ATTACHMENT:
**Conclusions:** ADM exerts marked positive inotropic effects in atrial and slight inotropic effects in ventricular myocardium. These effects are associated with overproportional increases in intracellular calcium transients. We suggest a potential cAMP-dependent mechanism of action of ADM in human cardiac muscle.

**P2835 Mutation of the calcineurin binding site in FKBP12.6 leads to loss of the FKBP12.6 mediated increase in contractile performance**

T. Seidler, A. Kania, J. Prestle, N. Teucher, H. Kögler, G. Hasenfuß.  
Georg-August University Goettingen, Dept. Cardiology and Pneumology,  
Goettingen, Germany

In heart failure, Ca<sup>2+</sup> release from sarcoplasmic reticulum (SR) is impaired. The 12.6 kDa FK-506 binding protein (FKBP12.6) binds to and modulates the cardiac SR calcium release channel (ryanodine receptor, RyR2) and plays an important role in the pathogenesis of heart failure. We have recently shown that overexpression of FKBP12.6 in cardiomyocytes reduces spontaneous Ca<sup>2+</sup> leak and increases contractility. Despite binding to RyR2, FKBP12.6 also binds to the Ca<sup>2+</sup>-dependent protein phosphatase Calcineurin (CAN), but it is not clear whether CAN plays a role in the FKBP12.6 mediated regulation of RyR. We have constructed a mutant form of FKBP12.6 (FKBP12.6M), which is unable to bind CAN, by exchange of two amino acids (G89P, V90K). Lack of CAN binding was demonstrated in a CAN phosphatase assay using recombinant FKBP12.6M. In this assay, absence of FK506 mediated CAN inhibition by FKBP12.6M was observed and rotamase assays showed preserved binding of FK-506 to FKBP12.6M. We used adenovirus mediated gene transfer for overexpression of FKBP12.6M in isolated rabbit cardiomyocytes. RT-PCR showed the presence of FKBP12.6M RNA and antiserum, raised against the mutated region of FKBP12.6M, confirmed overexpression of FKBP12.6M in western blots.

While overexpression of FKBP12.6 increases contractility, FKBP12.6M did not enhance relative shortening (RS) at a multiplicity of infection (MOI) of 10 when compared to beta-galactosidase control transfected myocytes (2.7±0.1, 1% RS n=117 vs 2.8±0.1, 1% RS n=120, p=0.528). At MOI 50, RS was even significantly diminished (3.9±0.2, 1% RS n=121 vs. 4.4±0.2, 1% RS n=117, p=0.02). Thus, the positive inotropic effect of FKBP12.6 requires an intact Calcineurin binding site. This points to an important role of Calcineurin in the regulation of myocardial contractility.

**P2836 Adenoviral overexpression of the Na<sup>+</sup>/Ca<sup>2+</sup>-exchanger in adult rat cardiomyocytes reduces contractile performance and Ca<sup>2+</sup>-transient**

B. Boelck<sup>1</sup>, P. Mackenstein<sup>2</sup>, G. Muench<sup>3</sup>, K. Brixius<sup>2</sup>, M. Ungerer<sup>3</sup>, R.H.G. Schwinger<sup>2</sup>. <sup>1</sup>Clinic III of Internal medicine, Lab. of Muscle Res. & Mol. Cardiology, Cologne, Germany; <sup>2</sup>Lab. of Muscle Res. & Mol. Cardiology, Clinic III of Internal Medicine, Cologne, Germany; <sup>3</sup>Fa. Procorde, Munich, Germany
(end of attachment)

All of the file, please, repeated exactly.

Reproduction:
**Conclusions:** ADM exerts marked positive inotropic effects in atrial and slight inotropic effects in ventricular myocardium. These effects are associated with overproportional increases in intracellular calcium transients. We suggest a potential cAMP-dependent mechanism of action of ADM in human cardiac muscle.

**P2835 Mutation of the calcineurin binding site in FKBP12.6 leads to loss of the FKBP12.6 mediated increase in contractile performance**

T. Seidler, A. Kania, J. Prestle, N. Teucher, H. Kögler, G. Hasenfuß.  
Georg-August University Goettingen, Dept. Cardiology and Pneumology,  
Goettingen, Germany

In heart failure, Ca<sup>2+</sup> release from sarcoplasmic reticulum (SR) is impaired. The 12.6 kDa FK-506 binding protein (FKBP12.6) binds to and modulates the cardiac SR calcium release channel (ryanodine receptor, RyR2) and plays an important role in the pathogenesis of heart failure. We have recently shown that overexpression of FKBP12.6 in cardiomyocytes reduces spontaneous Ca<sup>2+</sup> leak and increases contractility. Despite binding to RyR2, FKBP12.6 also binds to the Ca<sup>2+</sup>-dependent protein phosphatase Calcineurin (CAN), but it is not clear whether CAN plays a role in the FKBP12.6 mediated regulation of RyR. We have constructed a mutant form of FKBP12.6 (FKBP12.6M), which is unable to bind CAN, by exchange of two amino acids (G89P, V90K). Lack of CAN binding was demonstrated in a CAN phosphatase assay using recombinant FKBP12.6M. In this assay, absence of FK506 mediated CAN inhibition by FKBP12.6M was observed and rotamase assays showed preserved binding of FK-506 to FKBP12.6M. We used adenovirus mediated gene transfer for overexpression of FKBP12.6M in isolated rabbit cardiomyocytes. RT-PCR showed the presence of FKBP12.6M RNA and antiserum, raised against the mutated region of FKBP12.6M, confirmed overexpression of FKBP12.6M in western blots.

While overexpression of FKBP12.6 increases contractility, FKBP12.6M did not enhance relative shortening (RS) at a multiplicity of infection (MOI) of 10 when compared to beta-galactosidase control transfected myocytes (2.7±0.1, 1% RS n=117 vs 2.8±0.1, 1% RS n=120, p=0.528). At MOI 50, RS was even significantly diminished (3.9±0.2, 1% RS n=121 vs. 4.4±0.2, 1% RS n=117, p=0.02). Thus, the positive inotropic effect of FKBP12.6 requires an intact Calcineurin binding site. This points to an important role of Calcineurin in the regulation of myocardial contractility.

**P2836 Adenoviral overexpression of the Na<sup>+</sup>/Ca<sup>2+</sup>-exchanger in adult rat cardiomyocytes reduces contractile performance and Ca<sup>2+</sup>-transient**

B. Boelck<sup>1</sup>, P. Mackenstein<sup>2</sup>, G. Muench<sup>3</sup>, K. Brixius<sup>2</sup>, M. Ungerer<sup>3</sup>, R.H.G. Schwinger<sup>2</sup>. <sup>1</sup>Clinic III of Internal medicine, Lab. of Muscle Res. & Mol. Cardiology, Cologne, Germany; <sup>2</sup>Lab. of Muscle Res. & Mol. Cardiology, Clinic III of Internal Medicine, Cologne, Germany; <sup>3</sup>Fa. Procorde, Munich, Germany